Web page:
I had been spending my day in a Christmas activity with family, lending support to military members stunned and grieving the loss of one of our own. Those two things, juxtaposed against comments that continued to lash out with presumptive accusations and annoyances, completely devoid of charity, kindness and compassion, over the crime of bringing a two-year-old hugging child to Mass, blew me away.

I'm sure the death of a young, promising, beautiful woman, has lowered my tolerance to bad behavior, but I feel like I need to express that I want NO part in any crusade that makes the hug of a child an offense against the Mystical Body of Christ. I'm trying to convince young mothers that our Church family understands and embraces children and will support their efforts to bring them to Church!

I've been writing about mystical prayer and reverence in the Sacred Liturgy for 30 years. Nobody could doubt its importance to me. But, if you liken the hug of a child or a person who flops on the floor during a Mass to the obstruction of intimacy with Christ or the unwelcome offense of invalid Eucharist or heresy, it's time to face the music: Pope Francis has been describing you to a tee. I fervently pray nothing I've written has ever given anyone license to continue down that road.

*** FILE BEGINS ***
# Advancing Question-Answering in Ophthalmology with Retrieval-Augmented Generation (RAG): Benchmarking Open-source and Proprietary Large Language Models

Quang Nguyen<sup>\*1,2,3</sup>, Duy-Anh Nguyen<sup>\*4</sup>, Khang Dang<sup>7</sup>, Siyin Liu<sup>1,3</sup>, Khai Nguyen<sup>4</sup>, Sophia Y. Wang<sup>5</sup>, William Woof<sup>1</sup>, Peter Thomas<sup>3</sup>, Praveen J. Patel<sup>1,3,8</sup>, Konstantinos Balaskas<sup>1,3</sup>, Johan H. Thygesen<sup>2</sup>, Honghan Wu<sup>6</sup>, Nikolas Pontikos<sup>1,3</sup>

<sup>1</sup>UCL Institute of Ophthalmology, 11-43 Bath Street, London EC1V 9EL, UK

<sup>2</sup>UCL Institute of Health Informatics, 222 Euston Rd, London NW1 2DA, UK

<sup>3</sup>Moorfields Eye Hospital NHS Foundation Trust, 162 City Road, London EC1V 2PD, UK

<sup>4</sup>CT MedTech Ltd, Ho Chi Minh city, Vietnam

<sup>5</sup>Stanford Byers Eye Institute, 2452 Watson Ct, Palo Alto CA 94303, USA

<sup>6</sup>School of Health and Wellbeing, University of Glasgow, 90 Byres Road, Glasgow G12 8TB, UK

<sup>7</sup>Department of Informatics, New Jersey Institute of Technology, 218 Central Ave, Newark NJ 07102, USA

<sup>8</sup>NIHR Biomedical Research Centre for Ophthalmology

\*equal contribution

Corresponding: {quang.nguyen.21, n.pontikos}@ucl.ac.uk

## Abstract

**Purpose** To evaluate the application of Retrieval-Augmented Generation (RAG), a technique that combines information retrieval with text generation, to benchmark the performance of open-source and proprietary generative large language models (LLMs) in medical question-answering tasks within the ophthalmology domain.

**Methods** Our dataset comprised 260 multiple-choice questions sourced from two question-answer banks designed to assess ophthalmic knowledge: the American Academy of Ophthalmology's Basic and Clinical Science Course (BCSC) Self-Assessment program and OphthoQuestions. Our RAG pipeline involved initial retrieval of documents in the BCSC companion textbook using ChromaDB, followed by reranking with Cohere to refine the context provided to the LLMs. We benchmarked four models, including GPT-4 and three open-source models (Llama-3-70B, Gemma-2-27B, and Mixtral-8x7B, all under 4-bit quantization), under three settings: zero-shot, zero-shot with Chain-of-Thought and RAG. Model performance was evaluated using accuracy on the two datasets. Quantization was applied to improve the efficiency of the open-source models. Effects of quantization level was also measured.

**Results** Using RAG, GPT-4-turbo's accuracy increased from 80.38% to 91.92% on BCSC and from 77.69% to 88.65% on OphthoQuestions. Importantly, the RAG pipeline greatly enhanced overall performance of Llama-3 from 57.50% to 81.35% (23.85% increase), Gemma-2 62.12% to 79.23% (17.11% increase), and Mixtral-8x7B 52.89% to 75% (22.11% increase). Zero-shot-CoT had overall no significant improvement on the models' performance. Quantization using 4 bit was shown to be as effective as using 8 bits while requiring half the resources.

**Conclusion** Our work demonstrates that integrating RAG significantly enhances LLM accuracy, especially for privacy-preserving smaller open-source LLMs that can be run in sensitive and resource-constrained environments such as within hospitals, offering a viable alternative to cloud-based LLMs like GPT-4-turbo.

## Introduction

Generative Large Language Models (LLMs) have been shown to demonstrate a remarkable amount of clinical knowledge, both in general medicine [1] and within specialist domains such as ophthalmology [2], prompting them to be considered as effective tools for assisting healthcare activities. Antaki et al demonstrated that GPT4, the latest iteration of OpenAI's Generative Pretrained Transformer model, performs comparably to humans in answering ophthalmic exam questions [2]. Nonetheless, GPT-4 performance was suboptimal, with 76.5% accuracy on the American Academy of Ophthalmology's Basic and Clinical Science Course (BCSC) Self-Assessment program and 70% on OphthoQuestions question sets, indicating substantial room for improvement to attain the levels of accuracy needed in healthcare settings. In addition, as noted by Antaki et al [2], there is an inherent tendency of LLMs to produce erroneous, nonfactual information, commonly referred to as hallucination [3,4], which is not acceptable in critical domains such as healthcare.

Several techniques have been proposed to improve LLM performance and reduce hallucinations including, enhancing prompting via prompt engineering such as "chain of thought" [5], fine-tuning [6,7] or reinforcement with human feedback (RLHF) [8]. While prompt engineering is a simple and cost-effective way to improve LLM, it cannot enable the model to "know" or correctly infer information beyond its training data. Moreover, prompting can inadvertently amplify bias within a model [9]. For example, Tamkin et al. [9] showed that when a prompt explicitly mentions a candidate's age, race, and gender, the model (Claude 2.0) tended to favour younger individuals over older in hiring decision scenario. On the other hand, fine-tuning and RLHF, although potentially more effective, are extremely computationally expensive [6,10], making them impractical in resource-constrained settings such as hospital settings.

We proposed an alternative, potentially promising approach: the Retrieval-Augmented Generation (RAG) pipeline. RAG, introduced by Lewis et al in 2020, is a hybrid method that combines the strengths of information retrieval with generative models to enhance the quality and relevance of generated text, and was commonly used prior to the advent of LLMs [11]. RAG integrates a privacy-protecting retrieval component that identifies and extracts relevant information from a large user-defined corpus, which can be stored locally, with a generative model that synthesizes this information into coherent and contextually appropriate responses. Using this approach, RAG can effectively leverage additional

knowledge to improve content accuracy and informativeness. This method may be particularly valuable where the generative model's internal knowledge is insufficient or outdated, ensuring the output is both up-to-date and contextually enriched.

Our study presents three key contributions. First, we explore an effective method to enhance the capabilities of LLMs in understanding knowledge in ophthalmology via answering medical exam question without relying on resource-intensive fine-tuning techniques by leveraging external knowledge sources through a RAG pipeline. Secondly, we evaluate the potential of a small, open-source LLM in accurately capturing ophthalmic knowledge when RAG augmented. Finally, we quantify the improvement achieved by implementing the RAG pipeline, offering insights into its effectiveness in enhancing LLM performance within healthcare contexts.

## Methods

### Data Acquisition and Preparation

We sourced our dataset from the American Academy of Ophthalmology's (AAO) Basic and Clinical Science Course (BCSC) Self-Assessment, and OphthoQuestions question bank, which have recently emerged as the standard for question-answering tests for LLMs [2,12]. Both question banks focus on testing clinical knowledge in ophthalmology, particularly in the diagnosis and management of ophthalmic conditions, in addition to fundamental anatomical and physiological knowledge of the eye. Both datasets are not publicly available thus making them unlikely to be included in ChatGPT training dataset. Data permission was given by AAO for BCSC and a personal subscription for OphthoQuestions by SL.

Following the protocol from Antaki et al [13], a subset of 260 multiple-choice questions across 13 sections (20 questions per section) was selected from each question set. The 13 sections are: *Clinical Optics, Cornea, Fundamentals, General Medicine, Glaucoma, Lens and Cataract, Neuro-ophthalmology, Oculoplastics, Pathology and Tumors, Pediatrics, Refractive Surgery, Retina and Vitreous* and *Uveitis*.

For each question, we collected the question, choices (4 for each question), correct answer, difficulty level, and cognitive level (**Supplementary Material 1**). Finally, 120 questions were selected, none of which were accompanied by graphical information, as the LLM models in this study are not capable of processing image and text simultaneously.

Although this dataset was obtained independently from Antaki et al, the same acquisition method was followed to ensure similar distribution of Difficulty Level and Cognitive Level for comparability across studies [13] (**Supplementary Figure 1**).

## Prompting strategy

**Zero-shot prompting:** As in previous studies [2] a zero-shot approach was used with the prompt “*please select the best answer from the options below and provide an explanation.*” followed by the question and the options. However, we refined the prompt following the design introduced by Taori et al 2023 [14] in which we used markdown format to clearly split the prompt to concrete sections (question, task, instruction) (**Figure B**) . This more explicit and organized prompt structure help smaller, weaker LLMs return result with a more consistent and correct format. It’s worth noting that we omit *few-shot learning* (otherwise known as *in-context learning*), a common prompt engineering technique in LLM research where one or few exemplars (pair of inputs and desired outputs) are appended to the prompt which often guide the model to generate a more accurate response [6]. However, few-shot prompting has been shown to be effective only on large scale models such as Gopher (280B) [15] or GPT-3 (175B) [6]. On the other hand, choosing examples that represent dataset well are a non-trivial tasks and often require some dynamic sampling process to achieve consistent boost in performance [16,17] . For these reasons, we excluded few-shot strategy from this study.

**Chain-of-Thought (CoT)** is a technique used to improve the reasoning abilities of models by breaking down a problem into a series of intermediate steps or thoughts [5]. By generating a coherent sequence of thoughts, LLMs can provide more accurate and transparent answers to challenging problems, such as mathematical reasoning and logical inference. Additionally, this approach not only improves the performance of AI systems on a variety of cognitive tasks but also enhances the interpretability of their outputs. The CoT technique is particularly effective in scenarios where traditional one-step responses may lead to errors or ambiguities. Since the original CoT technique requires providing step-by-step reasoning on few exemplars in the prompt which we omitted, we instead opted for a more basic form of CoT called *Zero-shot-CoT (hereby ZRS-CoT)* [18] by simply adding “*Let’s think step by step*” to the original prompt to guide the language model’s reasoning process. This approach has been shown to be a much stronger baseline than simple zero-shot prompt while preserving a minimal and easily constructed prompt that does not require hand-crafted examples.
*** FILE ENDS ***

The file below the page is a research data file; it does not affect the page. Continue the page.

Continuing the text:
Aint nobody got time for dat.

UPDATE: A friend found this in the pew today at Church. Exactly what I'm talking about!


Anonymous said...

A resounding AMEN!

Daughter in the Army Reserve, hubby in the Army on active duty.

Another son-in-law in the Air Force, active duty.

14 grandchildren.


Anonymous said...

Oh, and thank you!


Dorota Mosiewicz-Patalas said...

I am trying to understand the parishioners, who were bothered by the disruption coming from a small child.
I can imagine a kind correction by the child's mother - Sweetheart, you will hug people after the Holy Mass, if you like. Not now, my Darling.